Author: Dan Howard/Friday, November 14, 2014/Categories: Addiction Medicine
Prescription drug abuse, rampant among all demographics, is also affecting the medical community. A recent review indicates that more than one hundred thousand medical professionals—doctors, nurses, technicians, and aides—misuse or are addicted to medications that clearly affect their performance in the workplace.
A number of factors are at work that are, in combination, unique to this subset of substance abusers:
· Access—Doctors and nurses especially have proximity to prescription drugs.
· Stress—The medical profession is a high-stress environment. Long hours, excessive workload, exposure to trauma and tragedy, competition, bureaucratic hurdles, and other dynamics within the medical field can lead to frustration and overload.
· Denial—Always present among addicts, denial is especially problematic among doctors and nurses, who believe their training and perspective on the issue of addiction exempts them from its dangers.
· Ability to hide the problem—More than most people, medical professionals know what addiction looks like and how it presents to people like themselves; therefore, they have an edge when it comes to masking the signs of prescription drug abuse.
Furthermore, the health care field does little in the way of policing its own. Monitoring of drug inventories is inadequate, and screening for substance abuse is rare. Revocation or suspension of professional license is rare and occurs—if at all—only after multiple and severe transgressions.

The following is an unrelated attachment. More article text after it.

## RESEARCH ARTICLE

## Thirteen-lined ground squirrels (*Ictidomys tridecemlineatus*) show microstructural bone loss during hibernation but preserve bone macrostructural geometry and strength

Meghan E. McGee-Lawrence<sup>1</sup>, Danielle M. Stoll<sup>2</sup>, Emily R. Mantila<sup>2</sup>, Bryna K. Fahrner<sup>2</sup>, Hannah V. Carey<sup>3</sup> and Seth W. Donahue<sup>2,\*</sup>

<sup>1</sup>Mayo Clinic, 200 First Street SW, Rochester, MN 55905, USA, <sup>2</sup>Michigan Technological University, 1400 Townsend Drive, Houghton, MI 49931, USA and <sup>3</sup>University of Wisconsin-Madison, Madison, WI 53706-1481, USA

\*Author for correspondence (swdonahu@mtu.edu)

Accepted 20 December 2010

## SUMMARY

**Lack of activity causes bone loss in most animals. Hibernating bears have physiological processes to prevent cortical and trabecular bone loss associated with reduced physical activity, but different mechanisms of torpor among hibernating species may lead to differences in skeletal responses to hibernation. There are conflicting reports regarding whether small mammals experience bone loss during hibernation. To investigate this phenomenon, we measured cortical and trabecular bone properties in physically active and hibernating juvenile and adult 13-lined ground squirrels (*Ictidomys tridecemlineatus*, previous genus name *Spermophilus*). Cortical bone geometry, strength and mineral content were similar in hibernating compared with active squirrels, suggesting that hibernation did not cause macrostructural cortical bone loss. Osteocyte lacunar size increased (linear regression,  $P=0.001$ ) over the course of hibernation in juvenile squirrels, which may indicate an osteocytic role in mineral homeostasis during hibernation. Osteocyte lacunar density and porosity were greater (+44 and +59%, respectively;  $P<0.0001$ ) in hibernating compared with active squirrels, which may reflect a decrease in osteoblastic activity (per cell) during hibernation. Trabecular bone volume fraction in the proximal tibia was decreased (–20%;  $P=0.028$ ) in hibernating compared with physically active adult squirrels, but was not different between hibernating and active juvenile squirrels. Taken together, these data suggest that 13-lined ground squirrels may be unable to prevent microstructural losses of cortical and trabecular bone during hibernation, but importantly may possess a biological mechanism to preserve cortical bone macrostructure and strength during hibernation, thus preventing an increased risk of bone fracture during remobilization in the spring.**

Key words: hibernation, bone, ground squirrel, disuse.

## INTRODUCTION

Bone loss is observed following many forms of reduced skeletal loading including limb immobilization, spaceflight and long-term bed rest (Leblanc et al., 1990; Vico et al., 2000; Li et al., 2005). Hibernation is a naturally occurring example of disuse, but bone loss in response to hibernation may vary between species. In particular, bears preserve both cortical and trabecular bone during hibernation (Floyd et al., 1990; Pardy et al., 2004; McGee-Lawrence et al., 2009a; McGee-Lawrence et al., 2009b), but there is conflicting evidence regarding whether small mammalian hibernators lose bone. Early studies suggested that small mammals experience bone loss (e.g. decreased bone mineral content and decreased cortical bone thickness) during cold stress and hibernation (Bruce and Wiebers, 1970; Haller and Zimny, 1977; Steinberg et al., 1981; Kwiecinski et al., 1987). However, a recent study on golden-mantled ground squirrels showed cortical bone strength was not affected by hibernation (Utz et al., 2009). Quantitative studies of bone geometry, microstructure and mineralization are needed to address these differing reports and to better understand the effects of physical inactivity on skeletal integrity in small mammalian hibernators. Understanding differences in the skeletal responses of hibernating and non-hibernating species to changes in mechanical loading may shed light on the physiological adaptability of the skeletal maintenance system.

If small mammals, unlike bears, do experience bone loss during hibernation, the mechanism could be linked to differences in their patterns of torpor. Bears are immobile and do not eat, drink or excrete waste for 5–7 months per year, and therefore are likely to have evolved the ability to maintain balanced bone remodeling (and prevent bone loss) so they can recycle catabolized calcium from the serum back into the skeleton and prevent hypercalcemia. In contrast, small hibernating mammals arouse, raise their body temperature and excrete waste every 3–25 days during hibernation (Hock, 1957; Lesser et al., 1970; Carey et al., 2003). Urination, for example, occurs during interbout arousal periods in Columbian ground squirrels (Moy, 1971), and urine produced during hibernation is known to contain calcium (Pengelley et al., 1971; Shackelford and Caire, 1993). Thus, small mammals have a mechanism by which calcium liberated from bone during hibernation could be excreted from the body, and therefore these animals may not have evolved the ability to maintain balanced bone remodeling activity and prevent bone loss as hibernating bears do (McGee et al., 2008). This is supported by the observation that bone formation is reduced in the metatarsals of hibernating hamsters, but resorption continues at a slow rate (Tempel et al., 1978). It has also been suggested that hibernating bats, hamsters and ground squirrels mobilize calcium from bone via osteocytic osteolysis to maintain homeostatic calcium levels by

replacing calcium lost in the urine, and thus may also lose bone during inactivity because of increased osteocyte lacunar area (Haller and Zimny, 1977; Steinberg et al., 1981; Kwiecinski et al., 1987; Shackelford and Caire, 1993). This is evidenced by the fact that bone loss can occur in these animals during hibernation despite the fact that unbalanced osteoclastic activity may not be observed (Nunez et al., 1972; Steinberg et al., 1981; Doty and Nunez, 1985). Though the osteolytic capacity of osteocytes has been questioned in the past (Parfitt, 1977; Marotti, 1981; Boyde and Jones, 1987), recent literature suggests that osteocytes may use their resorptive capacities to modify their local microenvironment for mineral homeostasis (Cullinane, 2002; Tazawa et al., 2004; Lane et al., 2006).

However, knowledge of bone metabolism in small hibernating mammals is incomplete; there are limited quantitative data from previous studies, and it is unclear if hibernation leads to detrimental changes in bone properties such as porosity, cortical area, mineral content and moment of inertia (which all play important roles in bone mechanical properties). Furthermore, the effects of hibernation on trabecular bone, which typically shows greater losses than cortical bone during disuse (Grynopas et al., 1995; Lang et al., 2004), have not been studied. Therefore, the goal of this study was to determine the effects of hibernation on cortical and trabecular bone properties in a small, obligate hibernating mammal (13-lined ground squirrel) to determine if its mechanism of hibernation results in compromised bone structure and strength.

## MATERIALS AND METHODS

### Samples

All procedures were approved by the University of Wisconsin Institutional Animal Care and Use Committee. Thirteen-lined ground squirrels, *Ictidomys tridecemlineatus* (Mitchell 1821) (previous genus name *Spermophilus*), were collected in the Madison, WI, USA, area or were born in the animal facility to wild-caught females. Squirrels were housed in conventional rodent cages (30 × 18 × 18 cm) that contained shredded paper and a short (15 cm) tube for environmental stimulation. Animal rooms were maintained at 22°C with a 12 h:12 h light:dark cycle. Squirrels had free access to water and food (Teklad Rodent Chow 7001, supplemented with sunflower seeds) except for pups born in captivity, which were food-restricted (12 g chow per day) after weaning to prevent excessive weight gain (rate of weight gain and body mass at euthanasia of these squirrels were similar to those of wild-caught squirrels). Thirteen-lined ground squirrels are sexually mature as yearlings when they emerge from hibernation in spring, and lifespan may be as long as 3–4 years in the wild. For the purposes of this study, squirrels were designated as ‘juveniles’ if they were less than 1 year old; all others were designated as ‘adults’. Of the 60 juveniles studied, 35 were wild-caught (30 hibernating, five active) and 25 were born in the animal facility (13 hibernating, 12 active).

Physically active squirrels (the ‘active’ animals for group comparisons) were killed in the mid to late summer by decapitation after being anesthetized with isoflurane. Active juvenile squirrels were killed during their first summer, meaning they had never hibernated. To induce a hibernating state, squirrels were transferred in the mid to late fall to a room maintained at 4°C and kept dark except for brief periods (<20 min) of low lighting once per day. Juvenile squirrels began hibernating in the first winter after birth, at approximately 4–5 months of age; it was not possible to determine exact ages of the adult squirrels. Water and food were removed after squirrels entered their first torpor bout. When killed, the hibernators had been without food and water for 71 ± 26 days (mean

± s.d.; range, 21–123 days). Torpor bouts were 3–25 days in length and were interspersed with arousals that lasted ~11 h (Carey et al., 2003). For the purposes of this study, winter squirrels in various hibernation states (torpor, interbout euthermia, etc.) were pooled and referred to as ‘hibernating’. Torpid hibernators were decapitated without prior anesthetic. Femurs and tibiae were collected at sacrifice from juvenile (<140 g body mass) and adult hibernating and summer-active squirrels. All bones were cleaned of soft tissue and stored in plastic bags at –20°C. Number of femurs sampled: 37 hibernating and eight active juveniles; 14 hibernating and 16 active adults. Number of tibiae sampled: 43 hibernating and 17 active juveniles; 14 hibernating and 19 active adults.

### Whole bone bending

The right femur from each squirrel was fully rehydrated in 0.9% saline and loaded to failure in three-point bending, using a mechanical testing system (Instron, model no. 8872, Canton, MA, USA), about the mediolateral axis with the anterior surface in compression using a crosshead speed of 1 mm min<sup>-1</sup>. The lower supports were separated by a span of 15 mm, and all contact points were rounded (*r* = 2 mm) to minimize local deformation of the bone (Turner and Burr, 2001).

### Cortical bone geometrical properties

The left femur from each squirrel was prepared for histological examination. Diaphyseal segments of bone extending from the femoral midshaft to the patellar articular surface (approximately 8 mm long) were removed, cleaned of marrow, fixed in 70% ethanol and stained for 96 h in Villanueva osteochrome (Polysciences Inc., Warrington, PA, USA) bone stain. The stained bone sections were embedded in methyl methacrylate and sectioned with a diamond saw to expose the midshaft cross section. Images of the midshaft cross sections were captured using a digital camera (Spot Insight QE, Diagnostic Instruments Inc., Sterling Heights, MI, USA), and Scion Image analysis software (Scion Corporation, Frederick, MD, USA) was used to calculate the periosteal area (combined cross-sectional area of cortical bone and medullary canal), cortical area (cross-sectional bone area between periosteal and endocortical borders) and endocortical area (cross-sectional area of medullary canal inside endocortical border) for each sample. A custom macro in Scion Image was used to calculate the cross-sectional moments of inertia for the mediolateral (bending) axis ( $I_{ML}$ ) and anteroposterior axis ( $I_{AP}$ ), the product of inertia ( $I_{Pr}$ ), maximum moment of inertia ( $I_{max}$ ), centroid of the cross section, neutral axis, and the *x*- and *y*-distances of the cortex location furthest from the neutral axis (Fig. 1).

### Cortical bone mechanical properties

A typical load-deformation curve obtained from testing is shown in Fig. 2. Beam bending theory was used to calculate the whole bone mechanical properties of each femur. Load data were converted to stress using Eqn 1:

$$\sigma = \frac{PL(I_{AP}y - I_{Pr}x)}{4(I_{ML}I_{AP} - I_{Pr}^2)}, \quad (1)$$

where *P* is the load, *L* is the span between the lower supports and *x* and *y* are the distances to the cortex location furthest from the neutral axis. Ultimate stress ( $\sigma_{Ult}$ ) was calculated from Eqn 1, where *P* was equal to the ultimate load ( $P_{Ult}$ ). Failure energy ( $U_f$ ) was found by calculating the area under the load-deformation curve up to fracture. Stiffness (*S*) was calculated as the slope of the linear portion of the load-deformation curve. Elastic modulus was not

The most common drugs abused by this segment are opioids like fentanyl and oxycodone. Abuse of a combination of diet pills and anxiety medications like Valium is also prevalent, along with sleep medications. The degree of impairment caused by these drugs puts the public at risk in a number of ways. Sloppy diagnoses, botched operations, and failure to observe safety procedures are just a few of the potential dangers. One hospital tech injected patients’ pain medications and refilled the syringes with a saline solution; forty-six people were infected with hepatitis and eight thousand had to be tested for it.
Most states have treatment facilities specifically for health care workers, generally in conjunction with licensing boards or professional societies, but only a fraction of the affected workers enroll in these programs. Furthermore, those who complete the programs are exempt from disciplinary action and public records do not reflect their entry into treatment or the reasons for it. The reasoning behind this is that doctors in particular will resist treatment if there is a built-in professional cost to seeking help.
The US Department of Justice suggests that peers should take responsibility for monitoring healthcare workers. Professionals in the field of addiction claim that the stigma attached to drug dependence is responsible for addicts’ shame and secrecy, and subsequently for their reluctance to seek help.
In the UK, a recent program at a major hospital reports encouraging results in terms of successful treatment of medical professionals. Besides the critical consideration of patient safety, a major impetus for the program was the idea that healthcare workers have great value to the community, and as such, they deserve investment in their well-being. Their extensive training and experience would otherwise be negated by untreated addiction resulting in damage to the medical community as a whole.
Meanwhile, in the US, numerous private treatment facilities specialize in — and have specialty units for,— providing care specifically for the substance-abusing medical professional.
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